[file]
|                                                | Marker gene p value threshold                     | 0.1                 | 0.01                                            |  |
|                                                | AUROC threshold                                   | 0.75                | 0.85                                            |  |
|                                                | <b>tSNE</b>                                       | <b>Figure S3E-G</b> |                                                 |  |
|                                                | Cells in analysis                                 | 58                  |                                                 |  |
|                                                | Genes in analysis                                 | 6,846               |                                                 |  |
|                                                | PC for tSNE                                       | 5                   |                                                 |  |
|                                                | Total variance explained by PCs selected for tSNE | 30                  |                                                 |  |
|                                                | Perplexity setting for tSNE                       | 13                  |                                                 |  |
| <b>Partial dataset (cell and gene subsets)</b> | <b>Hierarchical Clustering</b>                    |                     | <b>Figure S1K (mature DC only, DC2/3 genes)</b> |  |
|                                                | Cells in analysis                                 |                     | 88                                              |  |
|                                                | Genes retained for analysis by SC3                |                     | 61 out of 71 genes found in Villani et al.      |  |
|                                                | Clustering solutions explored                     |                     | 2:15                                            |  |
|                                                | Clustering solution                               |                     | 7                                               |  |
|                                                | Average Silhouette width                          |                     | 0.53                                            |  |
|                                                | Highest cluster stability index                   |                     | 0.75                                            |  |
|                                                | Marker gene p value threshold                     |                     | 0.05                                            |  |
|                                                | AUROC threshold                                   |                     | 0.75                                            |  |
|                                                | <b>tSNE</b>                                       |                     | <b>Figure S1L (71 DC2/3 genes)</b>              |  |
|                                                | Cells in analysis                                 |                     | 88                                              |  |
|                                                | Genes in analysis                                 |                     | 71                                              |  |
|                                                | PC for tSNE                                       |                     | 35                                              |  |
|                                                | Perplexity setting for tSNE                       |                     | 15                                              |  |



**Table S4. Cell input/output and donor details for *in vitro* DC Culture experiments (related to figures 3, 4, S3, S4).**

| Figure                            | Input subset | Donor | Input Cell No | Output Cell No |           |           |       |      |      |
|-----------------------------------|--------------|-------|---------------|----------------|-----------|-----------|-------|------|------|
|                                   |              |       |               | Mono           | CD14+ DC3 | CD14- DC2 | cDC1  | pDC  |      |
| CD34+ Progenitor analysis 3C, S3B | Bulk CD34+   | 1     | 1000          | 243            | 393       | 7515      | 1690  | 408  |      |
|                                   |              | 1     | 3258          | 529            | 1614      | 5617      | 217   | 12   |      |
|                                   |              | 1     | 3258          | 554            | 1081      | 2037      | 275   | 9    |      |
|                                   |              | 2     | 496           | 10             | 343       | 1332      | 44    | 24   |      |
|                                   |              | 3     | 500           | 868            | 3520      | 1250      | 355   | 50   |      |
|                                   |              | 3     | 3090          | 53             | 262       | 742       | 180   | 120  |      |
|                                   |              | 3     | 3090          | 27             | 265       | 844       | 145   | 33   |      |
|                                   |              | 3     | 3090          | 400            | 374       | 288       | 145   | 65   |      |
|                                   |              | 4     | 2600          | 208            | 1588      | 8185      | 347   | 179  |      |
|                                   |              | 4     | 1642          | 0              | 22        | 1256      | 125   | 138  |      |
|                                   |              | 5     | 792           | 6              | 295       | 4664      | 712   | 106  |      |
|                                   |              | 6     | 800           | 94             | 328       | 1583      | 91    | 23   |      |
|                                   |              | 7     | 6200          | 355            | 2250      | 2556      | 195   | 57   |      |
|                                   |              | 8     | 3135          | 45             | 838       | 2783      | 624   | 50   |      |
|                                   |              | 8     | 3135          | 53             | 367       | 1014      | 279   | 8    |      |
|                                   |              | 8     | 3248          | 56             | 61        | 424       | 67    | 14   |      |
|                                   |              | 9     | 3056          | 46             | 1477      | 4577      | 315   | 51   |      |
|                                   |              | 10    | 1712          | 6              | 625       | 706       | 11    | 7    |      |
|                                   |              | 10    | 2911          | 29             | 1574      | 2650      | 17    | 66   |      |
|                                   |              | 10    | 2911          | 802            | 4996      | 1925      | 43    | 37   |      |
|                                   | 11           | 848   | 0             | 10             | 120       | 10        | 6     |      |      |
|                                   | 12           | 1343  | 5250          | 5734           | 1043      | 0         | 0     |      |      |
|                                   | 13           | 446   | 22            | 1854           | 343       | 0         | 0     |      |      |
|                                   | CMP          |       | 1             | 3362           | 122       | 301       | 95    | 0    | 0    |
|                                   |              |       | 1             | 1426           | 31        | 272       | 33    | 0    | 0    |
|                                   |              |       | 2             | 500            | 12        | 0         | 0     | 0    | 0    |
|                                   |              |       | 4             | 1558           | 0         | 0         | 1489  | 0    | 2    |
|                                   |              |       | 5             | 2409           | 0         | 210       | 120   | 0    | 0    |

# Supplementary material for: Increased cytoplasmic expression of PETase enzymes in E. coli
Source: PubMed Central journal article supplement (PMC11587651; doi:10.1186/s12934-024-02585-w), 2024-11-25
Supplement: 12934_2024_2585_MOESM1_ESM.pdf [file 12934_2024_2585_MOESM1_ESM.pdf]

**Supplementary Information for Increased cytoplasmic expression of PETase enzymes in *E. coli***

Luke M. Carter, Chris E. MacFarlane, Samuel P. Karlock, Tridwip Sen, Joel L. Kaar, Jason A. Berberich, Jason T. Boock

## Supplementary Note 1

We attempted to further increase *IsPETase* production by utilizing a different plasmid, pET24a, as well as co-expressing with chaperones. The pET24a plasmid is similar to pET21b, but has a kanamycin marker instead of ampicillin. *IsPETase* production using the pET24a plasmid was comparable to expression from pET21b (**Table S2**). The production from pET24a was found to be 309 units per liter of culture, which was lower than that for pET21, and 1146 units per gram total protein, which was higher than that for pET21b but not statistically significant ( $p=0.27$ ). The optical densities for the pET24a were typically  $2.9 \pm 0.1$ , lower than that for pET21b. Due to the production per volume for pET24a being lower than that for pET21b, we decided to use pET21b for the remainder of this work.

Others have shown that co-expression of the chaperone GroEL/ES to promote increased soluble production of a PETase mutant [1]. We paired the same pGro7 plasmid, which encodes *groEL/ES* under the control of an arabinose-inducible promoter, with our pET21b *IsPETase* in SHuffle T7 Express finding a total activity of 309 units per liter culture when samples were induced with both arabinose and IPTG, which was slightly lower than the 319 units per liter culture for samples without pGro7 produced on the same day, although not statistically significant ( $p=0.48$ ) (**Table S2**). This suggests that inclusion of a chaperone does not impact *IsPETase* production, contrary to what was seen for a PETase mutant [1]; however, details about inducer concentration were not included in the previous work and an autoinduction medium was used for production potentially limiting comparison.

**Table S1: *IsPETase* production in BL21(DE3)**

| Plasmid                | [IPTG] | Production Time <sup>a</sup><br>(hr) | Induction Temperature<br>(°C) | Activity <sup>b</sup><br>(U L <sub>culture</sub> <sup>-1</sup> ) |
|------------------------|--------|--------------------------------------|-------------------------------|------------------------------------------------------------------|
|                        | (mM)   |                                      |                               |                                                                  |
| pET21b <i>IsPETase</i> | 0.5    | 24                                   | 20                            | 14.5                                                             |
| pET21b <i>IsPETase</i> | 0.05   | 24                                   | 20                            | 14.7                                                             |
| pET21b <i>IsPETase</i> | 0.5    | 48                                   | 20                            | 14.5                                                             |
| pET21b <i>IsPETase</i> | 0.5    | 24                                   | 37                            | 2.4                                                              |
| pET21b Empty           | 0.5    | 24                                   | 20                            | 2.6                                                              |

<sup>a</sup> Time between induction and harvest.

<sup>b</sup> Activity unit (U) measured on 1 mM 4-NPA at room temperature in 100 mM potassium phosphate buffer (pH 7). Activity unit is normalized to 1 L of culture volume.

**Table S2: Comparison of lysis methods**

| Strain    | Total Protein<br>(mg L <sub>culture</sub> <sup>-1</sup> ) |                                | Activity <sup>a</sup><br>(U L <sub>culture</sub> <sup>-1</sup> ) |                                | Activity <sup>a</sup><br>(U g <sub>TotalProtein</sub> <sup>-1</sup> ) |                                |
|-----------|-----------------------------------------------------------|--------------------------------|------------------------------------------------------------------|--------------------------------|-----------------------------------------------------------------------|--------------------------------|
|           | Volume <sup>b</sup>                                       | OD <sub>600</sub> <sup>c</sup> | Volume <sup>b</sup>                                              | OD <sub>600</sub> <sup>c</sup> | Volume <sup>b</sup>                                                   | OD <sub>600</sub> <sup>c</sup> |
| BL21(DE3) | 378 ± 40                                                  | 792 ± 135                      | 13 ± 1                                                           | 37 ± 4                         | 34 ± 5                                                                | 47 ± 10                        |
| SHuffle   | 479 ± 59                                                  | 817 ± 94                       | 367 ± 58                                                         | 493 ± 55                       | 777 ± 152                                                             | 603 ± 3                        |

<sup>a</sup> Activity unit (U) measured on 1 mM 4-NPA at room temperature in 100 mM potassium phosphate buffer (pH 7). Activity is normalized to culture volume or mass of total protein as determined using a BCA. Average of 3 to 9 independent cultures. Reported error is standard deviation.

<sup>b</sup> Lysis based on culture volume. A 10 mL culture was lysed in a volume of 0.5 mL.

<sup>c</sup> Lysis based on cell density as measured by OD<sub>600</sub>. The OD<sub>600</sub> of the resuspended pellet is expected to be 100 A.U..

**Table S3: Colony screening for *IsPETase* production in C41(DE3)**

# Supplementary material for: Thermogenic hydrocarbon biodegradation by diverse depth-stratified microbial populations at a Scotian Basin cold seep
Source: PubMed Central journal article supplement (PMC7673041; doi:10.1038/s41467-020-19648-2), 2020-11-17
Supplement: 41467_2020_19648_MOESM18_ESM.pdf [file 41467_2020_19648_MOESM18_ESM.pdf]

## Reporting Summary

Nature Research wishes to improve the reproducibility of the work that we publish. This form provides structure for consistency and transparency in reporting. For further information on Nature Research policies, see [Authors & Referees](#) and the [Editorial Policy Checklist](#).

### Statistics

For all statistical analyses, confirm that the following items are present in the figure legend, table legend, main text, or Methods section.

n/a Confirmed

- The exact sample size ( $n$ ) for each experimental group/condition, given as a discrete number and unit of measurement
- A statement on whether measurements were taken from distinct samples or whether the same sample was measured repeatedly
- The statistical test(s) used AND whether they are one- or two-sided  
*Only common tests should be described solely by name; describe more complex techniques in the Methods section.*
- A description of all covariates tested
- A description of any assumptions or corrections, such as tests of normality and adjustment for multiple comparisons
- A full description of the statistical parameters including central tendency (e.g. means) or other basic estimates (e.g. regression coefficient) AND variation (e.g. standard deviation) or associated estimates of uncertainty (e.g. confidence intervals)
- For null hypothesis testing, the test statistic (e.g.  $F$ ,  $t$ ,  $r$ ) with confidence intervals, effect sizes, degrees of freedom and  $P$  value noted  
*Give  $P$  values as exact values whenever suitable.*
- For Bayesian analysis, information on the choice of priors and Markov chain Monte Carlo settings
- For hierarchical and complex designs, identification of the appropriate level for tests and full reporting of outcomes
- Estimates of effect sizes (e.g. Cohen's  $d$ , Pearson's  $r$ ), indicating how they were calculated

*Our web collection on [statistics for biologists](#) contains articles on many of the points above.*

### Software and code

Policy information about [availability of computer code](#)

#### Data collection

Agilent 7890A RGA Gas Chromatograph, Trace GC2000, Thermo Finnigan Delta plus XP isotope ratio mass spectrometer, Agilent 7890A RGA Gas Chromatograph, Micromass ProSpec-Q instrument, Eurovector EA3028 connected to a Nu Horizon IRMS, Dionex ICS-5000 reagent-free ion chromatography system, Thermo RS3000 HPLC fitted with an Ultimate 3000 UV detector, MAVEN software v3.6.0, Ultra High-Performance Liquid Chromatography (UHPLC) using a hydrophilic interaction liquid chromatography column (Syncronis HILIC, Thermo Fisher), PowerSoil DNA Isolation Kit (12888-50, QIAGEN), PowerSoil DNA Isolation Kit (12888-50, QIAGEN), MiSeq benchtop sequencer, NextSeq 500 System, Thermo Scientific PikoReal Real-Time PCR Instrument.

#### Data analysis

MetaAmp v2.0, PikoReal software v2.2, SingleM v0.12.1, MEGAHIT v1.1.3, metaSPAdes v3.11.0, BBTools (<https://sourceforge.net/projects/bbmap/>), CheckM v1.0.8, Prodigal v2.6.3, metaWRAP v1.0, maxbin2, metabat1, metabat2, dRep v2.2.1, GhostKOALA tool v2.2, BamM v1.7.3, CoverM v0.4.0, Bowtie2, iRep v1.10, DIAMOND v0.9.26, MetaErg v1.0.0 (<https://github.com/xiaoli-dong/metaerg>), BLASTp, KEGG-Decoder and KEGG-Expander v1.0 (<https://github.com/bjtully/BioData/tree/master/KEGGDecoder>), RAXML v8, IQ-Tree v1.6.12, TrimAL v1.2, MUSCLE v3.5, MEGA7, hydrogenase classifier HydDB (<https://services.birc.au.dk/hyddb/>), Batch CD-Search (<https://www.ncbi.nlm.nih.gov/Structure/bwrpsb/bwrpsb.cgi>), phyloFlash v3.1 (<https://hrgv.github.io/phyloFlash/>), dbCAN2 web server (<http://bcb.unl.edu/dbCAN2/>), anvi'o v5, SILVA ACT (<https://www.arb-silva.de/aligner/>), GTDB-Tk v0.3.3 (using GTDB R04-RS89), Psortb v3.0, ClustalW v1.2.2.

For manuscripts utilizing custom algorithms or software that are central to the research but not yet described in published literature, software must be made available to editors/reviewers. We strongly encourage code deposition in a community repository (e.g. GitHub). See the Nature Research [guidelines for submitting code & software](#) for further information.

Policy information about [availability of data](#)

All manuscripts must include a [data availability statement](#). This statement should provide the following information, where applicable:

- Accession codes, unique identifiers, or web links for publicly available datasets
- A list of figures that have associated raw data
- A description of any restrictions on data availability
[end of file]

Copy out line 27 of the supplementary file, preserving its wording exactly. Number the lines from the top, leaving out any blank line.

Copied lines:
| CD34+ Progenitor analysis 3C, S3B | Bulk CD34+   | 1     | 1000          | 243            | 393       | 7515      | 1690  | 408  |      |